For the observational group, in addition to the postoperative general nursing routine after esophageal surgery, we conducted an ERAS ideas-guided nursing plan.
Preoperative nursing: this protocol included the following activities. (I) Mental nursing: educate the patient about the hospitalization and offer preoperative direction. Inform the patients and their family members of the content of ERAS; make sure they fully understood the relevant information and the entire therapeutic process. We played videos related to the surgery, providing direct perception of the entire process, from the ward to operation room, surgical operation, postanesthesia care unit, and finally back to the ward, with the purpose of relieving their stress and fear. (II) Central catheter, peripherally inserted: the catheter was routinely applied preoperatively in preparation for venous nutrition both before and after the operation. (III) Preoperative nutrition evaluation: we evaluated the patient’s nutritional status using the abridged Patient-Generated Subjective Global Assessment. For malnourished patients, TPN (Kabiven™; Fresenius Kabi AG, Homburg, Germany) was dripped in through the peripherally inserted central catheter to reverse the malnutrition. (IV) Preoperative intestinal preparation: the patient was given an intestinal cleansing agent, which was ingested orally on the afternoon of the day before surgery as a clean enema (a cleansing enema is forbidden). The patient food fasts for 6 h before surgery and liquid-fasts for 4 h.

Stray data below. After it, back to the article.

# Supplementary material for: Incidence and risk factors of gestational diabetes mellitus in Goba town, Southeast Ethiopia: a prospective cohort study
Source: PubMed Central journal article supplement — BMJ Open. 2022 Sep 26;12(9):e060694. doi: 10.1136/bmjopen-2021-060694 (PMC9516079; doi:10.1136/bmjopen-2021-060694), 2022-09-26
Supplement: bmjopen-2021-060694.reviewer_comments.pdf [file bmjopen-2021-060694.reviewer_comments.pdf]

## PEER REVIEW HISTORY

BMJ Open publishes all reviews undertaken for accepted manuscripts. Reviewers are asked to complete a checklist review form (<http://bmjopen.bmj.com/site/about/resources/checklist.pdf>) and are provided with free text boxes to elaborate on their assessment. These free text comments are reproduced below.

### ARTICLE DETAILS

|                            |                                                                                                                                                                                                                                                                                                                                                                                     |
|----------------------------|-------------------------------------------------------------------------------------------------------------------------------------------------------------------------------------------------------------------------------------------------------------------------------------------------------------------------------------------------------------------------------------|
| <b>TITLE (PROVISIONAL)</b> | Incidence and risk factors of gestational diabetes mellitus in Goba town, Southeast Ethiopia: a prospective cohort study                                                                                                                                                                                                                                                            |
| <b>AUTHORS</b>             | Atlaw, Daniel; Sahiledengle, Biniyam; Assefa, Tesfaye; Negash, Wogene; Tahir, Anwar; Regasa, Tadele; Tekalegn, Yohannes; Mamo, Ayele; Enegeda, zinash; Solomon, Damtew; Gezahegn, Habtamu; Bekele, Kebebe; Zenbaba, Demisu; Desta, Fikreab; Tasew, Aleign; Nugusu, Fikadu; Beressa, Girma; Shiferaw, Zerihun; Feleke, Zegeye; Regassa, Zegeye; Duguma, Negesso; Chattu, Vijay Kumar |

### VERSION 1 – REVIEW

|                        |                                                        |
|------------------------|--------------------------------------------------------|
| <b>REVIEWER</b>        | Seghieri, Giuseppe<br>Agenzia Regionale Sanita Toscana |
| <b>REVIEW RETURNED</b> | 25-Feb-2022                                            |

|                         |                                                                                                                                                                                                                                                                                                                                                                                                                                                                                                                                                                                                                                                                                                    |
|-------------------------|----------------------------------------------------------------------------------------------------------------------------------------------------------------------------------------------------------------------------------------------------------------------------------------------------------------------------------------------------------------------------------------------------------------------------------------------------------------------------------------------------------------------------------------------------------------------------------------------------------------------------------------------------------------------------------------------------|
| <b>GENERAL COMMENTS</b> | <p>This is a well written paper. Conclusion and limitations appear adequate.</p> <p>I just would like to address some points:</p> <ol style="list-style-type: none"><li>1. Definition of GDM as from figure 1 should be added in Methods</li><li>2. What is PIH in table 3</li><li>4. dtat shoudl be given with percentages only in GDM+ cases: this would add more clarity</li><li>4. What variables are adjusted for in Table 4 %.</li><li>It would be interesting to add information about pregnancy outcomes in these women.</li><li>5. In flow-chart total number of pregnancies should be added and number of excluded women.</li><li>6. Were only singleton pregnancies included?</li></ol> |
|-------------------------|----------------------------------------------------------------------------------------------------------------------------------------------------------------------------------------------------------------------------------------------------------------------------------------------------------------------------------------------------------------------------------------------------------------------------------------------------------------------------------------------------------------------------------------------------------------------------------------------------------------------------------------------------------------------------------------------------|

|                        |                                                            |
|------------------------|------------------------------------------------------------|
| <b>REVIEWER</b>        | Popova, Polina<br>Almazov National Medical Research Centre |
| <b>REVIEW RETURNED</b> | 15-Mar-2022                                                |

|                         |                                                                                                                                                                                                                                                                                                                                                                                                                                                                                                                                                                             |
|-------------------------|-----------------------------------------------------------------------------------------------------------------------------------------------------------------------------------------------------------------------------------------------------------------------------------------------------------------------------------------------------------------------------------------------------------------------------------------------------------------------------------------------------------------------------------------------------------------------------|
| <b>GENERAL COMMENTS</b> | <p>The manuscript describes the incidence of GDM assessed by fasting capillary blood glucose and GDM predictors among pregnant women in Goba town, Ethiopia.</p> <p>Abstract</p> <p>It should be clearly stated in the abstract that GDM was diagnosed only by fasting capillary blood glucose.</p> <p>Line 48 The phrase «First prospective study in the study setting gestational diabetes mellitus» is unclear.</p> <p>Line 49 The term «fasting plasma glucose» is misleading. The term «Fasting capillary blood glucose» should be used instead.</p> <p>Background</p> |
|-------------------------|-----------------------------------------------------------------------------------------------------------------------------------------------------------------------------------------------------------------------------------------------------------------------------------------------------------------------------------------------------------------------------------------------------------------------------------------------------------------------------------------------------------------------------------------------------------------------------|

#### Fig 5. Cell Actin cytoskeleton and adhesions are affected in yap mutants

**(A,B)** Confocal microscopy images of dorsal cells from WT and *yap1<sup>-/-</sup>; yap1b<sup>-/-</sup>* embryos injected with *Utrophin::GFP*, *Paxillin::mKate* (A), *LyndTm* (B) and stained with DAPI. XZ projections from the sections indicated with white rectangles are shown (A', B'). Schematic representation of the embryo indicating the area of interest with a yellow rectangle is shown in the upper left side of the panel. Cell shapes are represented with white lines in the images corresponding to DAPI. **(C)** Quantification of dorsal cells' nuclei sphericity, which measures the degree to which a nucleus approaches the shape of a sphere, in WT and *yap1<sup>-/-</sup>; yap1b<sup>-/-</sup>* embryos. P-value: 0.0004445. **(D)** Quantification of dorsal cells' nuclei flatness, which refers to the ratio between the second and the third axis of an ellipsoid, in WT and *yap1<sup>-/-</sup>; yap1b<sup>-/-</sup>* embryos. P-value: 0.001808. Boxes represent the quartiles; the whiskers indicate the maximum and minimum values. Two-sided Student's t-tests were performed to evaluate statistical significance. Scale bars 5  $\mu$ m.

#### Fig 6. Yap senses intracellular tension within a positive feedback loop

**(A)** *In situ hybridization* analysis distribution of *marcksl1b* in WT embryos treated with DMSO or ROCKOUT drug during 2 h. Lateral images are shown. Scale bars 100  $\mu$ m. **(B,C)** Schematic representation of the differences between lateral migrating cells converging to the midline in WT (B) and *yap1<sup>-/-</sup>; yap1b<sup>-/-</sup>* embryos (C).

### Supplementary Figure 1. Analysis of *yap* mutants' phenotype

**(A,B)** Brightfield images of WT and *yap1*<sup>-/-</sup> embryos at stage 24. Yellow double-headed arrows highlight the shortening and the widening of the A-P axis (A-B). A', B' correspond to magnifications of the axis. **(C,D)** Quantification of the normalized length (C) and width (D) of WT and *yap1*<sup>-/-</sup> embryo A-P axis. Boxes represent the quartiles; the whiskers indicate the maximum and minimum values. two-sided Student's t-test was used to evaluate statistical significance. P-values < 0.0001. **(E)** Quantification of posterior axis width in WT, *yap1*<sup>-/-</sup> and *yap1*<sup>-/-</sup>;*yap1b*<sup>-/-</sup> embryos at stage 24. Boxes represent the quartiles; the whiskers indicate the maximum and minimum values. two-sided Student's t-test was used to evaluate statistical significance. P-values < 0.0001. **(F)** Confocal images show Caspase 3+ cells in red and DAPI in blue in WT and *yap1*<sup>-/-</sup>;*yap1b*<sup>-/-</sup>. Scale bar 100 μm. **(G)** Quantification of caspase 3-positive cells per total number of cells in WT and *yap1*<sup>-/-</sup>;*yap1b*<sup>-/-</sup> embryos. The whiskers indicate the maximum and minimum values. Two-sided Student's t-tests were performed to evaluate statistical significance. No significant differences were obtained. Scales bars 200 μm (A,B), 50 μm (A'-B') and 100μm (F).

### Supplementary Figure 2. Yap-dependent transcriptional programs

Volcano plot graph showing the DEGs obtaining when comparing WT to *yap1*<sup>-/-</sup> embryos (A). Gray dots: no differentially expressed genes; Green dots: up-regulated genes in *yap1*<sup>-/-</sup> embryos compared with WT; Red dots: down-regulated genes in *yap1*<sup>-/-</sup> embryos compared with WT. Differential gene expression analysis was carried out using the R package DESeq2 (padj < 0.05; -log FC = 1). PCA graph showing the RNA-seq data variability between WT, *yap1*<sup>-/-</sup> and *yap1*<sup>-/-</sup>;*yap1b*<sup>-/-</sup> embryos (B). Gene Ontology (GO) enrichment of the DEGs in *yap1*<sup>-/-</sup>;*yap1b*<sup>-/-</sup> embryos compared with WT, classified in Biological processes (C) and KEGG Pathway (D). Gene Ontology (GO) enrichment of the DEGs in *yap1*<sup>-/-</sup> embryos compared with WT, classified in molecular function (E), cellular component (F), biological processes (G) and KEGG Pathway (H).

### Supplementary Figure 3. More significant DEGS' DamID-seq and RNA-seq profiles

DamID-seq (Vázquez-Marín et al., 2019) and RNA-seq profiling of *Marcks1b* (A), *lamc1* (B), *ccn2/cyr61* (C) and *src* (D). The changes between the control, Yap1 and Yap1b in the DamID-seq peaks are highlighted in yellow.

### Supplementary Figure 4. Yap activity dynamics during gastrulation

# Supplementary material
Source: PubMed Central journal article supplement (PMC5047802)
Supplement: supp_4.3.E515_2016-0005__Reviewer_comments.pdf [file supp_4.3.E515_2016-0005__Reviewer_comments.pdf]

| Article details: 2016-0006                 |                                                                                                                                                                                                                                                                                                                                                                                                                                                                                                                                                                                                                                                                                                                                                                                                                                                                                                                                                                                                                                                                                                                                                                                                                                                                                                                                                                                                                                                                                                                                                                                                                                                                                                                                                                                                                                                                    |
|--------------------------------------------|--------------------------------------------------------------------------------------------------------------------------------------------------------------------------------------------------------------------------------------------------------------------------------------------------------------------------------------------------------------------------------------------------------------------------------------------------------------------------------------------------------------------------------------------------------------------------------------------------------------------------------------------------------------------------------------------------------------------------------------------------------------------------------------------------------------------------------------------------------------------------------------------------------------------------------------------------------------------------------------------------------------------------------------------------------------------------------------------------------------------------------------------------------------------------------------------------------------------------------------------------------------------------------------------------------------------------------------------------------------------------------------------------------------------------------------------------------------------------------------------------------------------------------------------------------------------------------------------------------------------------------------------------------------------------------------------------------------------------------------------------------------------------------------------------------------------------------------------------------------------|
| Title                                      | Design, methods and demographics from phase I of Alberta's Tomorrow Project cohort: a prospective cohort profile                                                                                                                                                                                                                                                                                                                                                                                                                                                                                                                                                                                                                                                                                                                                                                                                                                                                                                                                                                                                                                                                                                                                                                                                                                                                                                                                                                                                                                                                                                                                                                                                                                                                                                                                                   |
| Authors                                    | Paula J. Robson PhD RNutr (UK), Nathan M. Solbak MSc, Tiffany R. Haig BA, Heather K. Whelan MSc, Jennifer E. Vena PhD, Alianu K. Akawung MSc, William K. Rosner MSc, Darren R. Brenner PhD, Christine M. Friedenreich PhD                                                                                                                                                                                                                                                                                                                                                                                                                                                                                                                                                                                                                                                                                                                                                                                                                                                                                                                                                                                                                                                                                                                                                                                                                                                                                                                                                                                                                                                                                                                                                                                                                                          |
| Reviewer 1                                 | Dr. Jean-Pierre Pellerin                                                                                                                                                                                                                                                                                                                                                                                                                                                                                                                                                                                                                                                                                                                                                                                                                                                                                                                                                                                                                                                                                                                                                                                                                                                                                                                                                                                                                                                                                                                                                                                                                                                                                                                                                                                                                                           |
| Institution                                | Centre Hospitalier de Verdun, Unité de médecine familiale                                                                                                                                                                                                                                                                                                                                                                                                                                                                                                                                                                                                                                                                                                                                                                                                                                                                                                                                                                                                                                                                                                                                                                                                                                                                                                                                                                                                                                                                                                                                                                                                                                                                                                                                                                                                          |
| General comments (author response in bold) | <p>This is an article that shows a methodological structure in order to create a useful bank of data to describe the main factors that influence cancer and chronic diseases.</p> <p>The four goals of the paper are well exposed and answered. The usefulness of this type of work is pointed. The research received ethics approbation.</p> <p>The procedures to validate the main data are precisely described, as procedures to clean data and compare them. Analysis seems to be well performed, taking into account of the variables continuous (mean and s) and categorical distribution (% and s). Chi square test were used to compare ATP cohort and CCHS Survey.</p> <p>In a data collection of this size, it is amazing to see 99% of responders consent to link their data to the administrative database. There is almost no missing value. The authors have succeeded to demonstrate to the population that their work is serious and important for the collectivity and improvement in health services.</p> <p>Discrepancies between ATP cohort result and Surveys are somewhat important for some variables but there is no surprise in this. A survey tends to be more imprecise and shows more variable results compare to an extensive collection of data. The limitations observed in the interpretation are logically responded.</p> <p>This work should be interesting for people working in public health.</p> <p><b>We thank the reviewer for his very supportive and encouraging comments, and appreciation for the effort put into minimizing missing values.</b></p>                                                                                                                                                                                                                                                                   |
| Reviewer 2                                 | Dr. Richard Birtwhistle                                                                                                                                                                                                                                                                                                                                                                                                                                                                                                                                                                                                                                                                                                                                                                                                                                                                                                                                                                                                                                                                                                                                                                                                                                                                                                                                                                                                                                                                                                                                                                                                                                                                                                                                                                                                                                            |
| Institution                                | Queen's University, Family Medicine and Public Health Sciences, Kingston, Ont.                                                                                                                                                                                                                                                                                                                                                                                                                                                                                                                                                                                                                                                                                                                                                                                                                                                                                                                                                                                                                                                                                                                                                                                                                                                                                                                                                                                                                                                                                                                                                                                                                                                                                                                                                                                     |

Intraoperative nursing: in the observation group, the Bair Hugger Normothermia System (3M Bair Hugger, www.bairhugger.com) and warmed intravenous fluid were used to prevent hypothermia during the operation. Pneumatic compression stockings were also used in the observation group, which was not standard protocol in the control group.